When I was doing missions down in Piedras Negras, one of my tasks was to pick up an elderly woman who had been injured in the flood of April 2004. Though it was several months after the inundation, her shoulder had never been quite right. I drove into her neighborhood and got out of my pickup to greet her. Her granddaughter was with her as was a very small brown puppy that this elderly lady kept kind of kicking with her foot to get out of the way. Maybe it wasn’t an all-out kicking, but it was a little more than a nudge. I asked the granddaughter if this was her dog. They said it wasn’t. It just kept hanging around. It didn’t belong to anyone.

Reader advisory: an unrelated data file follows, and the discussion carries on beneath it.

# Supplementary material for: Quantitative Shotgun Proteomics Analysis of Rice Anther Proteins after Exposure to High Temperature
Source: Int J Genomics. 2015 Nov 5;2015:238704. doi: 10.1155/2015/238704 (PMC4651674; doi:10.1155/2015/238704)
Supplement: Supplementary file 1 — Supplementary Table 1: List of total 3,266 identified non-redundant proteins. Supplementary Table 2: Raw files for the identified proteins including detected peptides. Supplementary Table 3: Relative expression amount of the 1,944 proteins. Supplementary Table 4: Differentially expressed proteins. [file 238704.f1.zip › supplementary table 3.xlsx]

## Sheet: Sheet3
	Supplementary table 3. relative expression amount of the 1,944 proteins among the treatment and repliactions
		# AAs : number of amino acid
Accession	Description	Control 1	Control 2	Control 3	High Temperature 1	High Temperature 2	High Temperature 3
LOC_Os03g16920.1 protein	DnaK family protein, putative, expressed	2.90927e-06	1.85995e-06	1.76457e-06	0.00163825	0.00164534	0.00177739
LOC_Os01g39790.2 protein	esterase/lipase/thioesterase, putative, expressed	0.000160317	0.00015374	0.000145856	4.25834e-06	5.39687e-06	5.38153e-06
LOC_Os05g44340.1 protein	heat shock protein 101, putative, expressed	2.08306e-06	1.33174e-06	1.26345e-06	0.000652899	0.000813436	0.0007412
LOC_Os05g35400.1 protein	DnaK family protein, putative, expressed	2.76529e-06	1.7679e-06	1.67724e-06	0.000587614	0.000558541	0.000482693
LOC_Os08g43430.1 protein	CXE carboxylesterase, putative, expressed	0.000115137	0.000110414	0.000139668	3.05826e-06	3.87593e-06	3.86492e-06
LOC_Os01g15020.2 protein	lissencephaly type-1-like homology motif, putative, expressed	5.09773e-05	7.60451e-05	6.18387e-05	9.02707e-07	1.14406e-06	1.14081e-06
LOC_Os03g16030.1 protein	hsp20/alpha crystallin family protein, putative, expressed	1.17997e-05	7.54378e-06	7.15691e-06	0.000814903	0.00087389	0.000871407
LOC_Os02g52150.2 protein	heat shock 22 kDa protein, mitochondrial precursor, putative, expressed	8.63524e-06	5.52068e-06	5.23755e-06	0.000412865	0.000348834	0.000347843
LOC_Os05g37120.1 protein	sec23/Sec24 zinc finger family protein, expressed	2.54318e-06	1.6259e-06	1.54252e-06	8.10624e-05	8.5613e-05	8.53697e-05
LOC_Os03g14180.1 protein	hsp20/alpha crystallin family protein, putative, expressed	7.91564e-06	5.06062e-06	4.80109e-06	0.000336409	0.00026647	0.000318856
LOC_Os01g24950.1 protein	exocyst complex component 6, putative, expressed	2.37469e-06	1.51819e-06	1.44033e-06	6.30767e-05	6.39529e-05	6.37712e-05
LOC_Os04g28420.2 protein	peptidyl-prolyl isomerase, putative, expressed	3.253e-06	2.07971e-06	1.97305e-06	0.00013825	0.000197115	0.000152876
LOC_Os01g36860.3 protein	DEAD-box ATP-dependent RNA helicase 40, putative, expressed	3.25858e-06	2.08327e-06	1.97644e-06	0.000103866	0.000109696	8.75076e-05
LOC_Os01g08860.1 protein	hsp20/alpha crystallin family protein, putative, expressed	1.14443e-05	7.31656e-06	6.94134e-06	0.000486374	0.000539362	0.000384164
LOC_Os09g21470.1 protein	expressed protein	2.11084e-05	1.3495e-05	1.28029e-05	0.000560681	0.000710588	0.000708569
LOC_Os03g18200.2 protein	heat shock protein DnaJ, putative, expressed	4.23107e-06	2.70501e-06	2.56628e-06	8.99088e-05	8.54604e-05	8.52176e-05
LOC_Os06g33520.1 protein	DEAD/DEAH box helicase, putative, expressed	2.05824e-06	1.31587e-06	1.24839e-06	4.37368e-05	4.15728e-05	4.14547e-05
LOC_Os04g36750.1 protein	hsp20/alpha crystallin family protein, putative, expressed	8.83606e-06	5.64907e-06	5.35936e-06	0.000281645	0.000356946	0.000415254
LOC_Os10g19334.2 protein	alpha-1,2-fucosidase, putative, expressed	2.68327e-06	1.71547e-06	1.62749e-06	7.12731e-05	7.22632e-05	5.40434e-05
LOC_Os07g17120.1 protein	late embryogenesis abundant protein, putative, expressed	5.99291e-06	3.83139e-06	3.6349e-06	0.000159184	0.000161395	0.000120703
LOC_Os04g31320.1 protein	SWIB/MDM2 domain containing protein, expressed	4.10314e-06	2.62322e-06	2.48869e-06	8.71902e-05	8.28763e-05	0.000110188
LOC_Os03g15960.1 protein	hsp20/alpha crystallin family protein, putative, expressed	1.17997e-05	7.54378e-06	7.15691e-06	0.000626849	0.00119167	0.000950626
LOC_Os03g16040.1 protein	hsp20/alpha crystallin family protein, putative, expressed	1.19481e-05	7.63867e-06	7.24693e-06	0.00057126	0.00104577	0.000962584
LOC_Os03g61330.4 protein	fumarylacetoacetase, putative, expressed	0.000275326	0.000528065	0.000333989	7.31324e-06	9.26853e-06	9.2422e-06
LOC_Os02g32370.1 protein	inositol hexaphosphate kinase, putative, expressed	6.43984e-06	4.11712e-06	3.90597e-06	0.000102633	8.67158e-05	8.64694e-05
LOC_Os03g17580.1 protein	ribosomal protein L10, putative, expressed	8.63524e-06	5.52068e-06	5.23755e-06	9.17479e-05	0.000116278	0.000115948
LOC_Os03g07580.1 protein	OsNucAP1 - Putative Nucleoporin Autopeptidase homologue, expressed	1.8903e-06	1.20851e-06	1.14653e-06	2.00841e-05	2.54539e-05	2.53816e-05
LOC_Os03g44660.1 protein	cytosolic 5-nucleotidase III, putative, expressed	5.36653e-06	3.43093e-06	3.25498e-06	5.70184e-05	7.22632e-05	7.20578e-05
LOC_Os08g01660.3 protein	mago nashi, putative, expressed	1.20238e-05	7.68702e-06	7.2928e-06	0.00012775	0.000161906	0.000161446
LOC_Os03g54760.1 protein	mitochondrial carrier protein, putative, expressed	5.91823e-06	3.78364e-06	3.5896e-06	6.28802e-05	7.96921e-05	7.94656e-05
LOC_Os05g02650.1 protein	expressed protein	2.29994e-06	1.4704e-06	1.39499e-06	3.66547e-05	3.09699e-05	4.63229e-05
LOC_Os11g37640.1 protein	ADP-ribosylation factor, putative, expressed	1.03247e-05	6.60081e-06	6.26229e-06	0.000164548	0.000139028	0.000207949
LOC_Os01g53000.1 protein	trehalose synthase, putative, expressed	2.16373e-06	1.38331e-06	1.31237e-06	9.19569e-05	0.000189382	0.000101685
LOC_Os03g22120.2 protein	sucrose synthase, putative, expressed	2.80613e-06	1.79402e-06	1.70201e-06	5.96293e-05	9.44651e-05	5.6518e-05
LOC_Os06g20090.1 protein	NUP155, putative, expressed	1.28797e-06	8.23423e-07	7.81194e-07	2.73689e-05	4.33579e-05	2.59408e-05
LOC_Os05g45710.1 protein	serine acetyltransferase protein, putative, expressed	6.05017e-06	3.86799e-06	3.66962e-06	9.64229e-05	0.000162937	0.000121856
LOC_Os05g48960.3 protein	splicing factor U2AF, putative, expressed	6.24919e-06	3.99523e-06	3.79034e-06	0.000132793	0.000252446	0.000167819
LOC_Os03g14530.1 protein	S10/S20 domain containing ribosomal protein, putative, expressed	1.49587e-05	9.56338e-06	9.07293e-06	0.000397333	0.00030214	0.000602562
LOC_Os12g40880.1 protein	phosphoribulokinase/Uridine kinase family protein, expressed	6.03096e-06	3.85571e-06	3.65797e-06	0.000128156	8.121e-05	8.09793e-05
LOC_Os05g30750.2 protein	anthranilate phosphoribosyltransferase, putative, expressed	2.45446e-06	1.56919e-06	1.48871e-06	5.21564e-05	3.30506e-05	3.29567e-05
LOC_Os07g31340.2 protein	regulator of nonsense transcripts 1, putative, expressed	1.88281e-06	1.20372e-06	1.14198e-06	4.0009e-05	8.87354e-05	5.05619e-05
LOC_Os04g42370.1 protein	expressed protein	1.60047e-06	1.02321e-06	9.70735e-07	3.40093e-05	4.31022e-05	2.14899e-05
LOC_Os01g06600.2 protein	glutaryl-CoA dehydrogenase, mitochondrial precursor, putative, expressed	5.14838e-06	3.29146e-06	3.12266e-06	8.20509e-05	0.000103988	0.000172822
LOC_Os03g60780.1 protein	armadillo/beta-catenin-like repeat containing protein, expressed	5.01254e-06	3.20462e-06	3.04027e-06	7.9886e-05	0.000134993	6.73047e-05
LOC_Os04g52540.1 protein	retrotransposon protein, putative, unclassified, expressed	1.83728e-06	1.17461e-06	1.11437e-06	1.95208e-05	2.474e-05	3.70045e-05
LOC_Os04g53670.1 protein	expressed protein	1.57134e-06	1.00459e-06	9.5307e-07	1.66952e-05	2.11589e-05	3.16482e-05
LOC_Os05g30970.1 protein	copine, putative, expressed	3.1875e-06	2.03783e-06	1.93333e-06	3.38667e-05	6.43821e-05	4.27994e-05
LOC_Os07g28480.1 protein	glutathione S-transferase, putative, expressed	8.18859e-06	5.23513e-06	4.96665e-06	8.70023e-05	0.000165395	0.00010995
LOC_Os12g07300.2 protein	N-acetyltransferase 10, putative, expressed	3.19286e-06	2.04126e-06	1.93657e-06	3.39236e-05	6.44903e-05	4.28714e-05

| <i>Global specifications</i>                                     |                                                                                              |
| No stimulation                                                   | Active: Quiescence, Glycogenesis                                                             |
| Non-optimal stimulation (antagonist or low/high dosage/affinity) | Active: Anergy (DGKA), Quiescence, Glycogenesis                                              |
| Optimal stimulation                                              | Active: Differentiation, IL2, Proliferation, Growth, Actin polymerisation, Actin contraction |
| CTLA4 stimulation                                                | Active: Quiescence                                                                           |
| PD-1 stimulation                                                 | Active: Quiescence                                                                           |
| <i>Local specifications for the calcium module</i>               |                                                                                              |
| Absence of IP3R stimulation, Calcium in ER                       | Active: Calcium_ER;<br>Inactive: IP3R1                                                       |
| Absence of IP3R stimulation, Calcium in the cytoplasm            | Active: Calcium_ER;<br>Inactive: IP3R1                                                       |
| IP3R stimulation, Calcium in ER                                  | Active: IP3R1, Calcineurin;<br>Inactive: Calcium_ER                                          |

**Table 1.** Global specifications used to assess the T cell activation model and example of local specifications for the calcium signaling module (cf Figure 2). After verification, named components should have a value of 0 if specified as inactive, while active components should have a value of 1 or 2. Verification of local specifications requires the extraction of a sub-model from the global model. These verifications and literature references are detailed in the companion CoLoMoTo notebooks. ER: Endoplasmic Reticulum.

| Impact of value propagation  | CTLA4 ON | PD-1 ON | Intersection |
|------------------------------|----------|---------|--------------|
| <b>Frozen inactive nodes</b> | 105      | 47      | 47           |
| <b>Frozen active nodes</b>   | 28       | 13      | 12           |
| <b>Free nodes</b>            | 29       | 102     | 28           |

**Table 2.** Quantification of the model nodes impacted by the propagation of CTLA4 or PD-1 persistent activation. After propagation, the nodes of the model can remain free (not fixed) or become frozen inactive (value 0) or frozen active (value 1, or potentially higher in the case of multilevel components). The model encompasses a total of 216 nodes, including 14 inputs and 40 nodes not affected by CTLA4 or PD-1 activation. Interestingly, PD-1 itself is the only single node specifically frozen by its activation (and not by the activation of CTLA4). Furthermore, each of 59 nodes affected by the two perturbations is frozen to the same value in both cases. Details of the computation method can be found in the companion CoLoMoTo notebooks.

I took the woman to her appointment and brought her home again but later that night, I couldn’t stop thinking about that dog. She was surely a mutt, but little, like a dachshund or terrier. Our ministry had a vet clinic—maybe I could go back and get the dog and bring it to the vet.

I got what I needed—the director’s permission to go out hunting the dog, and a male staff member to accompany me. Certain that this dog was carrying any number of parasites we took a big sheet as well. It was evening now—we had to hurry if we would find her before dark.

I went back to the house where the grandmother lived, but no dog. We parked the truck and went on foot. We walked the neighborhood with our eyes to the ground looking for a little ball of brown under a bush or digging near a trash bag. There was nothing. The dog could be anywhere. We started interrupting families sitting on their porches to ask them if they had seen this dog.